Indonesian divers resumed their search on Saturday for the black box flight recorders and passengers and crew of an AirAsia passenger jet that crashed into the sea nearly two weeks ago.
Indonesia AirAsia Flight QZ8501, with 162 people on board, lost contact with air traffic control during bad weather on December 28, less than half way into a two-hour flight from Indonesia to Singapore. There were no survivors.
Forty-eight bodies, including at least two strapped to their seats, have been found in the Java Sea off Borneo, and the tail of the Airbus A320-200 has been located in shallow water.
But strong winds and currents and high waves have hampered efforts to reach larger pieces of suspected wreckage detected by sonar on the sea floor and to find the rest of the victims.
Search and rescue teams detected pings they believed were from the flight recorders on Friday, and two teams of divers resumed the hunt soon after dawn on Saturday.
"One team is for the tail and a separate team is sweeping the seabed for the black box," Supriyadi, operations coordinator for the National Search and Rescue Agency, told reporters in the town of Pangkalan Bun, the base for the search effort on Borneo.
"We are still looking for the main body of the plane where most of the victims could be trapped."
The tail was found on Wednesday, upturned on the sea bed about 30 km (20 miles) from the plane's last known location at a depth of about 30 metres (100 feet).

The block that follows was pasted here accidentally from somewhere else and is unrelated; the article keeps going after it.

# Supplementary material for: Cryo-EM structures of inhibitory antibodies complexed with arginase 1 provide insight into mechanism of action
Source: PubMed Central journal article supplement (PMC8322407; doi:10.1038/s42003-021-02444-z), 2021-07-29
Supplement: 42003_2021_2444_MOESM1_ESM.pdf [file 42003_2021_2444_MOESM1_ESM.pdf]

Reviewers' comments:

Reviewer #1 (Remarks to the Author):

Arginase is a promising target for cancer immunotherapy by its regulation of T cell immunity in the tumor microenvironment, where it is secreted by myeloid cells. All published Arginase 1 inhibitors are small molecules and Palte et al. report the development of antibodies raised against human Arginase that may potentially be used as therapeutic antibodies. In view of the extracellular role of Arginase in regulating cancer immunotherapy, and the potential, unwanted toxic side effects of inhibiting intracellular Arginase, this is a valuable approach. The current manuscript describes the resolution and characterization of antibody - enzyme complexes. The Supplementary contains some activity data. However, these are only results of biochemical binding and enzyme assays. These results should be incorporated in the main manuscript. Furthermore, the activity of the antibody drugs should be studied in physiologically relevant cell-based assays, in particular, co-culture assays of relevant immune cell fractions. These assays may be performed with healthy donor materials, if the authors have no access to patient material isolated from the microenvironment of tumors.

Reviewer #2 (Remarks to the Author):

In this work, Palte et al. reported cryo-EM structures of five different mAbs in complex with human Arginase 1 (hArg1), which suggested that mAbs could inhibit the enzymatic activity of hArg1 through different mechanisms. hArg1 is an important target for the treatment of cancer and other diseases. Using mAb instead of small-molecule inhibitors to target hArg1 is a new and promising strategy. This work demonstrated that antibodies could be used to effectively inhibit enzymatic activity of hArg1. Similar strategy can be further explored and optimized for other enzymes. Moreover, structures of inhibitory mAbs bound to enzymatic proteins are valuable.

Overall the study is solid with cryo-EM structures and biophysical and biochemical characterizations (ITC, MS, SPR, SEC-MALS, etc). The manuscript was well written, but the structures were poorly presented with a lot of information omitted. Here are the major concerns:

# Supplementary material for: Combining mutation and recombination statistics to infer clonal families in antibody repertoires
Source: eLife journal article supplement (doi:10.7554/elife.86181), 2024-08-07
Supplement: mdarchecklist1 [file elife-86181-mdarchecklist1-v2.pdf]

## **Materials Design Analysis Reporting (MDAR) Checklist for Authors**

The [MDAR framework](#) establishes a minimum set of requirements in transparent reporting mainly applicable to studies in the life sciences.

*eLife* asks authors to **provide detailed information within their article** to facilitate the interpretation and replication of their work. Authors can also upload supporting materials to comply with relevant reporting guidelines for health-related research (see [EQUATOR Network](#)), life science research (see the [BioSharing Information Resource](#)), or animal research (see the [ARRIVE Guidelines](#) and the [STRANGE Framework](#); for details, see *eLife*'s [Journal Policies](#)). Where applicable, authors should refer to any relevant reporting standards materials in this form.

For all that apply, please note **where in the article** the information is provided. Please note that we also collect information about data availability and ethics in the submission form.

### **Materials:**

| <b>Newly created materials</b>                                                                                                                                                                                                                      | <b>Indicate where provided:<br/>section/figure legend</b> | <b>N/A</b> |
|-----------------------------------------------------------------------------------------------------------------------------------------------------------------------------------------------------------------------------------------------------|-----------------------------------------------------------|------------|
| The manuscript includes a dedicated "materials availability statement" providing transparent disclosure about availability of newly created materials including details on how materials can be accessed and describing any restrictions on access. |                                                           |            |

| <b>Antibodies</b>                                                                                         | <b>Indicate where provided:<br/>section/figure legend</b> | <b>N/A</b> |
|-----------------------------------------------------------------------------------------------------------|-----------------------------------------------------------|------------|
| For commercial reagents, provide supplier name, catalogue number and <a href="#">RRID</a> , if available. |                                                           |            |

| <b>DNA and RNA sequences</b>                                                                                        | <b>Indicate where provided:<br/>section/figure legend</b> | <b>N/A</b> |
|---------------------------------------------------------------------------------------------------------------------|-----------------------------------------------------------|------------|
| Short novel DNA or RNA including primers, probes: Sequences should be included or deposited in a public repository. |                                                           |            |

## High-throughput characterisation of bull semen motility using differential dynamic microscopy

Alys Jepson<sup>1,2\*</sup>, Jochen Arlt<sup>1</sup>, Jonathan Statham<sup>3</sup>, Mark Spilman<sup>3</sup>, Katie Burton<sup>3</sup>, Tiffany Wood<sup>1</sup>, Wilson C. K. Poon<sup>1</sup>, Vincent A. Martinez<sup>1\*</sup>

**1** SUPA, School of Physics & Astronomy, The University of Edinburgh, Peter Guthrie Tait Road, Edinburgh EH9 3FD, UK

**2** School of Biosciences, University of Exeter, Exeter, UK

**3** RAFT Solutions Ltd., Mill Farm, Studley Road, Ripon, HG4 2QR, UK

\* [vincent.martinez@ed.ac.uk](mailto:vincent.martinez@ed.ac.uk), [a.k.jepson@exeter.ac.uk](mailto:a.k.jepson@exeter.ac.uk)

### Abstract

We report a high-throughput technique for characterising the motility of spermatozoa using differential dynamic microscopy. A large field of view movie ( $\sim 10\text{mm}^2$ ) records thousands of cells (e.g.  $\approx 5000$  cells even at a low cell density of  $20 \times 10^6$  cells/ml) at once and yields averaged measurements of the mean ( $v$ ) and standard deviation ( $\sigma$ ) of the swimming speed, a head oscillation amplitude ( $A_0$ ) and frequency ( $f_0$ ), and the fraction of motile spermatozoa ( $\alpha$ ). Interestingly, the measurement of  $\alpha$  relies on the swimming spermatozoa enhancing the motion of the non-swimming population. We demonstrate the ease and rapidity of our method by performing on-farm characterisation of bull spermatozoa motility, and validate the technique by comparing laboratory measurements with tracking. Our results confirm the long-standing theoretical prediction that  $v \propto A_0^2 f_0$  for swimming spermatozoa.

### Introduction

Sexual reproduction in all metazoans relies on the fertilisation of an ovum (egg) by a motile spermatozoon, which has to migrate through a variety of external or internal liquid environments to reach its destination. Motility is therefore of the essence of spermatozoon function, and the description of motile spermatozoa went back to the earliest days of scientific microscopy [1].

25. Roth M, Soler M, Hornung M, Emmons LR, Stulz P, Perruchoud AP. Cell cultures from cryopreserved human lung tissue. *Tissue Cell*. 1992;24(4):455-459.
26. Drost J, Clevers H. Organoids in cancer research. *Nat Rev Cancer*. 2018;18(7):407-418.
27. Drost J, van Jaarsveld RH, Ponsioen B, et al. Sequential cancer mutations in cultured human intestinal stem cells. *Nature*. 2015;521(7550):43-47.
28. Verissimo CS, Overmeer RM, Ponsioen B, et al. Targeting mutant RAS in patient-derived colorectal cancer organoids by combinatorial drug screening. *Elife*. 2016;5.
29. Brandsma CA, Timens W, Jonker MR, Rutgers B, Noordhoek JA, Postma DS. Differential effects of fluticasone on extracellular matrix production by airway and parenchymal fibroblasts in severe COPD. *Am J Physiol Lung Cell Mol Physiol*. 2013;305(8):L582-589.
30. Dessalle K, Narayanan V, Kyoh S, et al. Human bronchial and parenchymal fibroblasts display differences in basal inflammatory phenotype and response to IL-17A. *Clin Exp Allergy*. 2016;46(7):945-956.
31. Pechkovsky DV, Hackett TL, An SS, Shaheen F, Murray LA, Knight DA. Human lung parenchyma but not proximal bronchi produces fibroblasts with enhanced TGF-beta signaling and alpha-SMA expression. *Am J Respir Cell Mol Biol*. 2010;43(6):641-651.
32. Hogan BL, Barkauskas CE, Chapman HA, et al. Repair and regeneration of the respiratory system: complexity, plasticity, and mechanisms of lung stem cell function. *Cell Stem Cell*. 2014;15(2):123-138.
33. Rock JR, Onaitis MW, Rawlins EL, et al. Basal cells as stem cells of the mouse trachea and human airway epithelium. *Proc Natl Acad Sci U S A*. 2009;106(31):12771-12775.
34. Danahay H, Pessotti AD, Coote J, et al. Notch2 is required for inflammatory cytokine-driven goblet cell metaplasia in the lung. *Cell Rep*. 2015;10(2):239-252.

The aircraft carries the cockpit voice and flight data recorders near its tail, however officials have said it looked increasingly likely that they had become separated during the disaster.
The recorders will be vital to the investigation into why the airliner crashed.
Supriyadi said the divers would try to home in on the pings but the search area was extensive and visibility in the water, churned up by rainy season weather, was poor.
"The black box could be covered in mud. The pings can only be detected within a radius of 500 metres (1,640 feet) so it can be a large area to cover," he said.
If and when the recorders are found and taken to the capital, Jakarta, for analysis, it could take up to two weeks to download data, investigators said, although the information could be accessed in as little as two days if the devices are not badly damaged.
While the cause of the crash is not known, the national weather bureau has said seasonal storms were likely to be a factor.
The plane was travelling at 32,000 feet (9,753 metres) and had asked to fly at 38,000 feet to avoid bad weather. When air traffic controllers granted permission for a rise to 34,000 feet a few minutes later, they received no response.
The pilots did not issue a distress signal.
The Indonesian captain, a former Air Force fighter pilot, had 6,100 flying hours under his belt and the plane last underwent maintenance in mid-November, said the airline, which is 49 percent owned by Malaysia-based budget carrier AirAsia.
The AirAsia group, including affiliates in Thailand, the Philippines and India, had not suffered a crash since its Malaysian budget operations began in 2002.
Most of those on board were Indonesians.